Florida Sheriff to Investigate Epstein’s Time Outside Jail
By CURT ANDERSON AP Legal Affairs Writer
MIAMI (AP) — A Florida sheriff launched an internal investigation Friday into wealthy financer Jeffrey Epstein's time spent out of jail after he was convicted of sexually abusing underage girls.
The inquiry will focus on whether deputies assigned to monitor Epstein violated any rules or regulations while he was out on work release, Palm Beach County Sheriff Ric Bradshaw said in a statement. Under a 2008 plea deal, Epstein was allowed to spend most of his days at the office of his now-defunct Florida Science Foundation, which doled out research grants, rather than in the county jail.
"All aspects of the matter will be fully investigated to ensure total accountability and transparency," Bradshaw said.
Epstein, 66, was convicted of prostitution-related charges in the Florida case, which involved dozens of underage teenage girls. He served a 13-month sentence, registered as a sex offender and paid restitution to the victims. The deal also included a formerly secret nonprosecution agreement that helped Epstein avoid more serious federal charges that could have landed him in prison for life.
Federal prosecutors in New York have charged Epstein with sex trafficking involving underage victims. If convicted, he could be sentenced to up to 45 years in prison. He has pleaded not guilty, but a judge denied him bail on Thursday after determining he was a flight risk and posed a danger to the community.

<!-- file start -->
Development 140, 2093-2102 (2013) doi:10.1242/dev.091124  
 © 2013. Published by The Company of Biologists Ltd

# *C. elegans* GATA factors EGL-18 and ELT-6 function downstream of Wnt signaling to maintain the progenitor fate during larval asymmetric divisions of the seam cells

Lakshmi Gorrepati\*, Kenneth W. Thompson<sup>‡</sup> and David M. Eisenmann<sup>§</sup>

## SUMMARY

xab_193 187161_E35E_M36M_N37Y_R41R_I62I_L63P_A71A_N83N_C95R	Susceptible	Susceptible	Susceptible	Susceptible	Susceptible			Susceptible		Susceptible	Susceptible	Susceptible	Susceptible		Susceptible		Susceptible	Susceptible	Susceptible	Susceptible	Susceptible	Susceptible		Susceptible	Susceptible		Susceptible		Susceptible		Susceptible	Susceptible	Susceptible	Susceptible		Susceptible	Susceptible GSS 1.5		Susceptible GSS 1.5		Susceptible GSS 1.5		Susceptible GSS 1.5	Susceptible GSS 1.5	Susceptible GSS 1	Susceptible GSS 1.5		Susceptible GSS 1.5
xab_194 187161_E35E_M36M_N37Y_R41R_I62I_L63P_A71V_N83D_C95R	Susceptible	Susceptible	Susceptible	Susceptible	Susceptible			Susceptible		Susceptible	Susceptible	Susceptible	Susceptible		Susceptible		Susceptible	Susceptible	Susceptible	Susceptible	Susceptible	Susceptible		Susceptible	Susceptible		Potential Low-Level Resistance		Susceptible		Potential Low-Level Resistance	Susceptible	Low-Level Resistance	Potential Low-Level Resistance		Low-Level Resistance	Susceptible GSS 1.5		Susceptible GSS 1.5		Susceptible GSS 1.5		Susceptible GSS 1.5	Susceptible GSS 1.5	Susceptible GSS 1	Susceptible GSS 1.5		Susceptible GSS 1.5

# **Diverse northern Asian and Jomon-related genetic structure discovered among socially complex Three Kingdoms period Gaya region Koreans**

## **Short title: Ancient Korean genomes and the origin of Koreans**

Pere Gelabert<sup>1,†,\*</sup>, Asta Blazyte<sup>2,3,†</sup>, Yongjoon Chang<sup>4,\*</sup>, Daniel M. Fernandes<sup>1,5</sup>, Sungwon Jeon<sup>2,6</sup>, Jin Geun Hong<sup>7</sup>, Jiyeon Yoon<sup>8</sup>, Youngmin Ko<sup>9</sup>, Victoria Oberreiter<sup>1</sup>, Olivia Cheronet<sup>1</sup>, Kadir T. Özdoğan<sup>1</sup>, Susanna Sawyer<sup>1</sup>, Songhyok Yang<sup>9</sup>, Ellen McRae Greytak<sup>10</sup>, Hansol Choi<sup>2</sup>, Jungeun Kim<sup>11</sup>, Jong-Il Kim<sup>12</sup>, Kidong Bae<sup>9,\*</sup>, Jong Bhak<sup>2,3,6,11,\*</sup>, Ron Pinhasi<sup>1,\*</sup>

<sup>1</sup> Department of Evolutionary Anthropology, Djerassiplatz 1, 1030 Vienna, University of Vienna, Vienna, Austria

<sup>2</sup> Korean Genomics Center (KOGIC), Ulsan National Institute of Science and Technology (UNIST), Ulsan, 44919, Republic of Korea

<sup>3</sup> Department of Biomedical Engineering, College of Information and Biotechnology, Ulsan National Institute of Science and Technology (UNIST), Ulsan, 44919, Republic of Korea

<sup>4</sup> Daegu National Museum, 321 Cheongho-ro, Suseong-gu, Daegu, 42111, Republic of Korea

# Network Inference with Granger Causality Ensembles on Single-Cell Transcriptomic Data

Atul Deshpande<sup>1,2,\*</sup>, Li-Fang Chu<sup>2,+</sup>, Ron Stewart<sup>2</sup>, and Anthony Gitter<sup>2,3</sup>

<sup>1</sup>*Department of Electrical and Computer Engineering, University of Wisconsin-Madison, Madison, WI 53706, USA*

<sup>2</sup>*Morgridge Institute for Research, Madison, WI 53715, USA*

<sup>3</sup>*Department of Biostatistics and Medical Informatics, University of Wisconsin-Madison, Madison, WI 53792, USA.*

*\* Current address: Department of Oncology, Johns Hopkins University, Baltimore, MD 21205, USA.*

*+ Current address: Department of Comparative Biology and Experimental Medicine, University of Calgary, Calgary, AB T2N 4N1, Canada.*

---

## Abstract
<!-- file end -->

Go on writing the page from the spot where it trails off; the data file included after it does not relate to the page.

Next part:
Epstein was allowed to spend most days at his office after a little more than three months in the county jail, according to Palm Beach County sheriff's records released to The Associated Press. Sex offenders are not eligible for Florida's work release program, but officials say Epstein was able to participate because he wasn't a registered sex offender until after he had already served his time.
Under his 2008 plea deal, Epstein had his own driver to take him to and from his office, and he was allowed to be out of jail from 8 a.m. to 8 p.m., six days a week. Deputies were assigned to the office to monitor who his visitors were. Logs show many visits from attorneys, paralegals and others involved in his legal cases. It wasn't clear if all visitors registered, however. Epstein was not allowed to leave the office unless he was returning to jail.
Bradshaw said determining whether Epstein's wealth and high-powered legal team resulted in favoritism from the sheriff's department would be a key part of his investigation and a question that would be taken "very seriously."
The New York charges against Epstein led to the resignation of President Donald Trump's labor secretary, Alex Acosta, who was Miami U.S. attorney when the nonprosecution agreement was signed. Two victims filed a federal lawsuit asking for the plea deal to be thrown out. The suit claims prosecutors did not consult with victims as required by law, and a federal judge earlier this year agreed there was a violation.